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PH203: Nature in East Asian Traditions of Thought

This course will focus on key traditions of thought in China and Japan, with a thematic emphasis on how these traditions understand human-nature relations, and what resources they may provide for contemporary environmental philosophies. The course as a whole will emphasize three central themes, drawing on East Asian traditions to explore multiple conceptions of: 1) human nature and relations of persons to the wider world; 2) “nature,” “environment,” and non-human plants and animals; and 3) the path to a good life and a good society.

In Block 1 we will begin with China, studying classical Confucianism (the Analects and the Mencius), early Daoism (Zhuangzi), and early Chinese Buddhism. Confucianism, Daoism, and Buddhism (the latter by way of Korea) all later migrated to Japan and were adapted and synthesized in various ways. In the second part of the block, we will discuss these adaptations, and their relationship to Shinto – which grew out of Japanese indigenous traditions and continues to play an important role in Japan today. Throughout the course, we will consider the contemporary relevance of classic texts and how these complex traditions continue to shape conceptions of humans and nature in East Asia and beyond.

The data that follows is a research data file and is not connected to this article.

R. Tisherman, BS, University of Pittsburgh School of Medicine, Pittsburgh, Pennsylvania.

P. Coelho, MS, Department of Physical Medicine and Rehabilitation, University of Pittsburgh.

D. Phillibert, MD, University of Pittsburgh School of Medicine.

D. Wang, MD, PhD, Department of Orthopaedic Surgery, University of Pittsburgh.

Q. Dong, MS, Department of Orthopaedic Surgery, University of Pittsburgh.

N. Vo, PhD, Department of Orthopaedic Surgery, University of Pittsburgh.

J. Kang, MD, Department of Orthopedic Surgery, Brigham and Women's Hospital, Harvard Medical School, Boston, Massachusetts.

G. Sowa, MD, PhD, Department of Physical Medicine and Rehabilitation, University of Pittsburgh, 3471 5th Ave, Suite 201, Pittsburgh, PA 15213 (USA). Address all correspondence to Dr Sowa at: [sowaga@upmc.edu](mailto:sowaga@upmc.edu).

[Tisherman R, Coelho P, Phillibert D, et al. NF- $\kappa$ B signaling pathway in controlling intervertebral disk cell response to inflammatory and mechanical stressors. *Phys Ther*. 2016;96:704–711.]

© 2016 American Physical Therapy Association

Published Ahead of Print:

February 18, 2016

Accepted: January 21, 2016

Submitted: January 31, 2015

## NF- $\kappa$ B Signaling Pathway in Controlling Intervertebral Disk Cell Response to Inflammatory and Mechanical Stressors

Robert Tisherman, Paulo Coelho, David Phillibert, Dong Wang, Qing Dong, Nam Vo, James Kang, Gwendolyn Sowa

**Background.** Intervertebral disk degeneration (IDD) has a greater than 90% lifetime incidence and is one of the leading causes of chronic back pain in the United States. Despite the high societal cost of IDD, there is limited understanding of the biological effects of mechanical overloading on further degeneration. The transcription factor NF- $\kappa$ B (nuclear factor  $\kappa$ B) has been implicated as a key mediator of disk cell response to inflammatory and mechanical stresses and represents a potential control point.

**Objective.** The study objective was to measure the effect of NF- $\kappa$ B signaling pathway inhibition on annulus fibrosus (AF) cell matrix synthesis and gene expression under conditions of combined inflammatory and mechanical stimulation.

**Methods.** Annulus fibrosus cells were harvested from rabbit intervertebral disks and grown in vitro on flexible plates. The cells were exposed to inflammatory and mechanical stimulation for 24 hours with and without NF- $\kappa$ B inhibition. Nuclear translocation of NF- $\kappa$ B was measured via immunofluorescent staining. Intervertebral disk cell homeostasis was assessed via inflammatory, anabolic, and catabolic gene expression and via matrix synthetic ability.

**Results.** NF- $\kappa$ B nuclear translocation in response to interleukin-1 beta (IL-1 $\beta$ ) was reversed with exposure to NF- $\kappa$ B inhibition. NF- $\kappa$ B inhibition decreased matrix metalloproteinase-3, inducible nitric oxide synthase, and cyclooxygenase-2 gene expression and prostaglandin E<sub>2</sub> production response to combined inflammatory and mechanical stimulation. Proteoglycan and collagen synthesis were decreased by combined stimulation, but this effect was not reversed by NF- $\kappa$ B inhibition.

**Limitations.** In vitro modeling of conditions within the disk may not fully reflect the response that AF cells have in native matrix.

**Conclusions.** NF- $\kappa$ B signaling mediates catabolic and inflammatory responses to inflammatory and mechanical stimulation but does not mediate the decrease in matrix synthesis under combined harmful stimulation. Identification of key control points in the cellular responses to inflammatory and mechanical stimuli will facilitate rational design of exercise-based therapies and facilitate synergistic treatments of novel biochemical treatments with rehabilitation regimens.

In Block 2 we explore the connection of early Chinese and Japanese philosophical and religious foundations with both traditional and modern Japanese literature and culture.  Our focus will be on identifying and understanding how these concepts inform texts from the 8th through the 21st centuries.  We will start with early histories and poetry dating from the 8th century CE and proceed through the centuries to see the intersection between underlying aesthetics of literature (from classical poetry and drama to manga) and art forms (from calligraphy and gardens to anime).  We will continue to interrogate themes from Block 1, focusing on 1)  connections with the wider world; 2) “nature” and “environment”; and 3) striving for a cultural identity.  Most observers of Japan see a close connection among nature, culture, and literature.  However, through a careful reading of selections of Japanese literature throughout many historical periods, we will come to realize that the concept of nature was often re-created and employed as a trope.

In addition to discussed-based sessions where we analyze readings and films about Japanese history, literature, and anime, students will have many hands-on opportunities, including calligraphy sessions, cooking a Japanese meal, and performing a kabuki play.